This is my second novel by James Joyce and definitely a better read than The Dubliners (sorry y’all). The novel caught my attention in two ways: first, the title which is strangely similar to the Picture of Dorian Gray (in French the translation is The Portrait of Dorian Gray) and second, because the size of the book is not as intimidating as Ulysses. And so, I thought to myself, this would be a good introductory novel to James Joyce. And thank god, it was!
“Her lips touched his brain as they touched his lips, as though they were a vehicle of some vague speech and between them he felt an unknown and timid pleasure, darker than the swoon of sin, softer than sound or odor.”James Joyce
Now, you will find this review heavily interpreted in a post-modern way and that is because of (or thanks to) my fiancé. The word postmodern has been in his mind for a long time and therefore everytime we stumbled upon a novel or a movie, we always try to guess if it’s considered postmodern and this book is definitely fitting.
The book follows the journey of Stephen as he’s trying to deal with his artistic self, finding a place to fit in a society where art is not always praised nor appreciated. Throughout the book, the reader witnesses a shatter of self through destruction, debauchery and sex. As much as I enjoy reading this book as a work of fiction, I can’t help but shake the feeling of the autobiography. As if in the title itselft, James Joyce is hinting us that it’ll be about himself, the artist.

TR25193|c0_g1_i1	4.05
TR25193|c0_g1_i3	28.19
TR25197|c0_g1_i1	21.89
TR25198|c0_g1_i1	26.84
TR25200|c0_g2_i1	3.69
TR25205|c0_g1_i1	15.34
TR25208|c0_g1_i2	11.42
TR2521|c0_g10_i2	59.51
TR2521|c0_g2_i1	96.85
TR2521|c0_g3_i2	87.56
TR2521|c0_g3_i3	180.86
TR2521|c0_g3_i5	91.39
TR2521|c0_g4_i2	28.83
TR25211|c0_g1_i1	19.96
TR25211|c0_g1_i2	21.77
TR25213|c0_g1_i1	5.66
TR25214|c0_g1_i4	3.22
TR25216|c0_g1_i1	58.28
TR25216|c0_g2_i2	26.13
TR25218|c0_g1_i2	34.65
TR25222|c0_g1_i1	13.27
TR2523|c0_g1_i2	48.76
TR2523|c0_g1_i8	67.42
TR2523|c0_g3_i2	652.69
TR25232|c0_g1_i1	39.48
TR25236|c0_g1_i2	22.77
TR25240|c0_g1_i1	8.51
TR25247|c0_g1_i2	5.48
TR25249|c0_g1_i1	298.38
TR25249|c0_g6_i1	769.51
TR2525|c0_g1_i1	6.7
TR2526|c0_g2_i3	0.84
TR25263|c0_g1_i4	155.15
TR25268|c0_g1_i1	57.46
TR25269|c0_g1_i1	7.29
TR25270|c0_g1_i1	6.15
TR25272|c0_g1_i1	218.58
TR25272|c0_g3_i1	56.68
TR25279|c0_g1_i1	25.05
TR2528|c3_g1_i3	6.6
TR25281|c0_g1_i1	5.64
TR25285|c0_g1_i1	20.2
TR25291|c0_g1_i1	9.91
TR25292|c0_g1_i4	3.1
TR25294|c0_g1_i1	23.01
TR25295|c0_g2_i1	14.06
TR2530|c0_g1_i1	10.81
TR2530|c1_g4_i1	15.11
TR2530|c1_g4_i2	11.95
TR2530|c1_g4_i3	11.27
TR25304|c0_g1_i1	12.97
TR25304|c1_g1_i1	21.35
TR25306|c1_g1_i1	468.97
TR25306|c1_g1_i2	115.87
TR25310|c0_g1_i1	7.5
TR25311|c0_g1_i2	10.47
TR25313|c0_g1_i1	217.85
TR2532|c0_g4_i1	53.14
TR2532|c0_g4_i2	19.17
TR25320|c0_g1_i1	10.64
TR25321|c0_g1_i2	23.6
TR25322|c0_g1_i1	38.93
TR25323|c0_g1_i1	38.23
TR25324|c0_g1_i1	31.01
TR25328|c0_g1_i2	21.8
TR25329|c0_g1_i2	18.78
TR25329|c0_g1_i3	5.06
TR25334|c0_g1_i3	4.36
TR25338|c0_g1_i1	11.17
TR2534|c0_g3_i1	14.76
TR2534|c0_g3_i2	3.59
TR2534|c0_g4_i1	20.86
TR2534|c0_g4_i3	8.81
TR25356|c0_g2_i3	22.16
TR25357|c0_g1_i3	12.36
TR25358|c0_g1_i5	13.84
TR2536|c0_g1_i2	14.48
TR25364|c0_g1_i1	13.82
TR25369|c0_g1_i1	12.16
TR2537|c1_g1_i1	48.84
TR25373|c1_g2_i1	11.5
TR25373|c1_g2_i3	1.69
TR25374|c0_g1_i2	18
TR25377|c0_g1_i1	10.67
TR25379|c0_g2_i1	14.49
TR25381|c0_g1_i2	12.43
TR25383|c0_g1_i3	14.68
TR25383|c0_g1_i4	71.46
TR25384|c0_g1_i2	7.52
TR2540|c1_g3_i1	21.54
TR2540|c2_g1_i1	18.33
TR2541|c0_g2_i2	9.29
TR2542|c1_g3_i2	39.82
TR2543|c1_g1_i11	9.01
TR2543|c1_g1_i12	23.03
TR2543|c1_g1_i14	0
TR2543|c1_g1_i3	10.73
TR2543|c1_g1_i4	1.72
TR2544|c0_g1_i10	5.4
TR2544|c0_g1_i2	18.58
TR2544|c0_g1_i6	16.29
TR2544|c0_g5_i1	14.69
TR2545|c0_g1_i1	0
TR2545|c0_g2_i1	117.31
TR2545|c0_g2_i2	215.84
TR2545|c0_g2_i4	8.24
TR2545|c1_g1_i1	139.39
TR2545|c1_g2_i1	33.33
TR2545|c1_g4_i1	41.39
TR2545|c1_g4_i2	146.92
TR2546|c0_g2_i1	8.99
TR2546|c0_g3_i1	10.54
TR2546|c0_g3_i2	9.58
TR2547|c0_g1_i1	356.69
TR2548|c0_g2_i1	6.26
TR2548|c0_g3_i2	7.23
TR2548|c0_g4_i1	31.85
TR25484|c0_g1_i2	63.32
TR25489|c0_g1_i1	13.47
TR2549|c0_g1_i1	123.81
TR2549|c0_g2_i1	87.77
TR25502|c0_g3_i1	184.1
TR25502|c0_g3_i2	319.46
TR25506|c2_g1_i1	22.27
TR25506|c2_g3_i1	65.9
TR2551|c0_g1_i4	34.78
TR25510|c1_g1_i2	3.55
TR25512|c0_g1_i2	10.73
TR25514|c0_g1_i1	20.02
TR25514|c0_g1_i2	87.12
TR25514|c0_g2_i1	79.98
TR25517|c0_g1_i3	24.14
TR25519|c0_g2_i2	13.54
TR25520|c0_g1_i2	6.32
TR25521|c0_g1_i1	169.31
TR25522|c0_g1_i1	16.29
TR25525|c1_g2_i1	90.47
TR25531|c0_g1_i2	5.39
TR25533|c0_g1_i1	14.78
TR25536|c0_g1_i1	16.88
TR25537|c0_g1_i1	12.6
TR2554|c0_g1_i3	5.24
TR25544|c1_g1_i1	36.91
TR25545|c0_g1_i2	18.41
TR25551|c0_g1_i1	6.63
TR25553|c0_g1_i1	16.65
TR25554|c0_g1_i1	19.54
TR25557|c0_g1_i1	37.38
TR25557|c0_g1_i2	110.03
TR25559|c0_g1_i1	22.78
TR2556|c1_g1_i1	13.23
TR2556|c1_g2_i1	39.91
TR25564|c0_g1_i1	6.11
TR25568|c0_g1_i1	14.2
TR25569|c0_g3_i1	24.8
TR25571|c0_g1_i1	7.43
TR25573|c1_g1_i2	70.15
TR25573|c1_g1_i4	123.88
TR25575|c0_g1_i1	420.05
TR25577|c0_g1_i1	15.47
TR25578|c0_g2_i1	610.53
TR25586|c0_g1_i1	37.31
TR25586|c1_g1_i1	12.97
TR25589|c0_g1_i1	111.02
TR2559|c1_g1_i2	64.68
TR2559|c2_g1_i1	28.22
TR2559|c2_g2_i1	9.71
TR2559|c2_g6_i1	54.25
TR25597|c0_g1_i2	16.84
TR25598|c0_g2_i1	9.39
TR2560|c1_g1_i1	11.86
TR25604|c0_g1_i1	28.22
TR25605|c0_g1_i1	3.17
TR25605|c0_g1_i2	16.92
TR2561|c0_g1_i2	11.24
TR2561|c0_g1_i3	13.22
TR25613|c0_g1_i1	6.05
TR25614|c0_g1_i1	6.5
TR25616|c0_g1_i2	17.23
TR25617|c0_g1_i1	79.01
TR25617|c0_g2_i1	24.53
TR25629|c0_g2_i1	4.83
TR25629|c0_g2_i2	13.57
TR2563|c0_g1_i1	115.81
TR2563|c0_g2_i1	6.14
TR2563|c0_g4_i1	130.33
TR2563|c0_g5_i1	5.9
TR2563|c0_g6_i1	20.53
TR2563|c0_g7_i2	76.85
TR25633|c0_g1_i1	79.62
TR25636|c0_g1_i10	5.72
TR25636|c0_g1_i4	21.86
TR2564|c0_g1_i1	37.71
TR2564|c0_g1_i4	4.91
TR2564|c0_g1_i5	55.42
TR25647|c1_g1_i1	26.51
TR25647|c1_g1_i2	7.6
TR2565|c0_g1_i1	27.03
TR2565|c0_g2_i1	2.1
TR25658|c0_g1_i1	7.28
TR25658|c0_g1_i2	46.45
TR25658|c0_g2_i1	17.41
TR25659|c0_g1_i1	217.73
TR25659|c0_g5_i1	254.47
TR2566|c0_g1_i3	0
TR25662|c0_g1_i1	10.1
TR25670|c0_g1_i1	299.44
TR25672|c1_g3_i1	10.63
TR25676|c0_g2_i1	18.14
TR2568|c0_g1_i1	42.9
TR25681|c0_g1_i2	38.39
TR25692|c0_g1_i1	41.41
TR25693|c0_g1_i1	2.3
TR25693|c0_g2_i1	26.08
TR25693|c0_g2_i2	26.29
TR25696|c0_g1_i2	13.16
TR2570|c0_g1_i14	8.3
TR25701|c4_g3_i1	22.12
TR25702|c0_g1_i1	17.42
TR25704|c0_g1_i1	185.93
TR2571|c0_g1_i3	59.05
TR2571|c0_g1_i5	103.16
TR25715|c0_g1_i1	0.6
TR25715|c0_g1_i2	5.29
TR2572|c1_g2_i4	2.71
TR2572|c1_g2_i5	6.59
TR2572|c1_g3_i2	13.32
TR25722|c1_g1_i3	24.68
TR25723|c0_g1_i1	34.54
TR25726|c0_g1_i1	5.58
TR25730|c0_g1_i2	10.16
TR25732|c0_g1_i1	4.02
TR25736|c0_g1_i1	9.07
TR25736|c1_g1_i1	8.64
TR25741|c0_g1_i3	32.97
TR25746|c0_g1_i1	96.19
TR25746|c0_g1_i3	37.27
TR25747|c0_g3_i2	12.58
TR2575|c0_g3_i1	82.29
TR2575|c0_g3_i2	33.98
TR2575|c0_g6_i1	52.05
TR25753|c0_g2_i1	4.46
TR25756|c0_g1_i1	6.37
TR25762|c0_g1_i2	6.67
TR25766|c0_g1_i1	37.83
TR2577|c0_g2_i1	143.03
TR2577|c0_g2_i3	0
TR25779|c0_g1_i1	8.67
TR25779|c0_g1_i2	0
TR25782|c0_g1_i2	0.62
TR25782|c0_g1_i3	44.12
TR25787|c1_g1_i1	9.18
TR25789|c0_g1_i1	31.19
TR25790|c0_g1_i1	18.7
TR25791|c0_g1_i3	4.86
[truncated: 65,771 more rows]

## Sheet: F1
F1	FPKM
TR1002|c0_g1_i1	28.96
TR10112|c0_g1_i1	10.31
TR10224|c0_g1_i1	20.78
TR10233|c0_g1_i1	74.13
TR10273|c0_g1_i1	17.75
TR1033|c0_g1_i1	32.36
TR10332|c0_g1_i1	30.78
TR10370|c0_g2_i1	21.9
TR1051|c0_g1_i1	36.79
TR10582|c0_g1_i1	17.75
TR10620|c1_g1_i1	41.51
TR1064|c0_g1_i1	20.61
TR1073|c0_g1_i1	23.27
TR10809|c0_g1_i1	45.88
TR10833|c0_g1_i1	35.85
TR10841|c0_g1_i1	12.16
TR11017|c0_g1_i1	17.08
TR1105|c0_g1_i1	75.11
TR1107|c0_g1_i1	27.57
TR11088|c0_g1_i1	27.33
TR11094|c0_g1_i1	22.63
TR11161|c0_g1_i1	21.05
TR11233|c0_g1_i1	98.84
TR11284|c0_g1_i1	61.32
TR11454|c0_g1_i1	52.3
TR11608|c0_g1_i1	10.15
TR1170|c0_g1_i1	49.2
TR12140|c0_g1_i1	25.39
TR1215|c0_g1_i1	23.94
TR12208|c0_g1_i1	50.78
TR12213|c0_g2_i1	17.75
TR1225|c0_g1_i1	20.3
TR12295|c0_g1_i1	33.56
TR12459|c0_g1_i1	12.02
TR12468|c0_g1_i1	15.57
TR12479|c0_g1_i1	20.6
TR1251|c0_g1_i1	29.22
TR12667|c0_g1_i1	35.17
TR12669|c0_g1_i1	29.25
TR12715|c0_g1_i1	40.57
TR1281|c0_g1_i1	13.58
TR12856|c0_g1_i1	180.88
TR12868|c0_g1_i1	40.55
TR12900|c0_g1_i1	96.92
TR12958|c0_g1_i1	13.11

But my favourite thing is that James Joyce wrote this book in a manner to express his love for words. That’s how I interpret it anyways. The discussions and parodies of debates between the different aesthetics, the real deep meaning of philosophy all of those in vain, or only a mere excuse to use beautiful words, to give a sense to them. And that is something I understand, but that is something I seek in literary works. I seek beautiful words, how they enticed with each other.
James Joyce’s “A Portrait of the Artist as a Young Man” and Oscar Wilde’s “The Picture of Dorian Gray”, they are two classics of English literature that explore the themes of identity, morality, and art. While they were written in different times and have different styles, they share some striking similarities in their themes that make for an interesting comparison.
I can’t help commenting on these because I loved the Picture of Dorian Gray. Indeed, both novels deal with the idea of self-expression and the consequences that come with it. In “A Portrait of the Artist as a Young Man,” Stephen Dedalus struggles to reconcile his artistic ambitions with the expectations of his family, religion, and society. He faces intense scrutiny and criticism for his work, and his quest for self-expression is fraught with tension and conflict.
In “The Picture of Dorian Gray,” Dorian expresses himself in a more narcissistic way. He becomes obsessed with his own beauty and seeks to express it in every way possible, including through his portrait. But as he indulges his desires and becomes more and more selfish, the portrait begins to reflect the true ugliness of his soul.
But the biggest difference is their prose: Joyce’s prose is dense and complex, full of shifting perspectives, stream-of-consciousness narrative, and unconventional syntax. Wilde’s language, on the other hand, is more polished and witty, with a keen eye for satire and social commentary.
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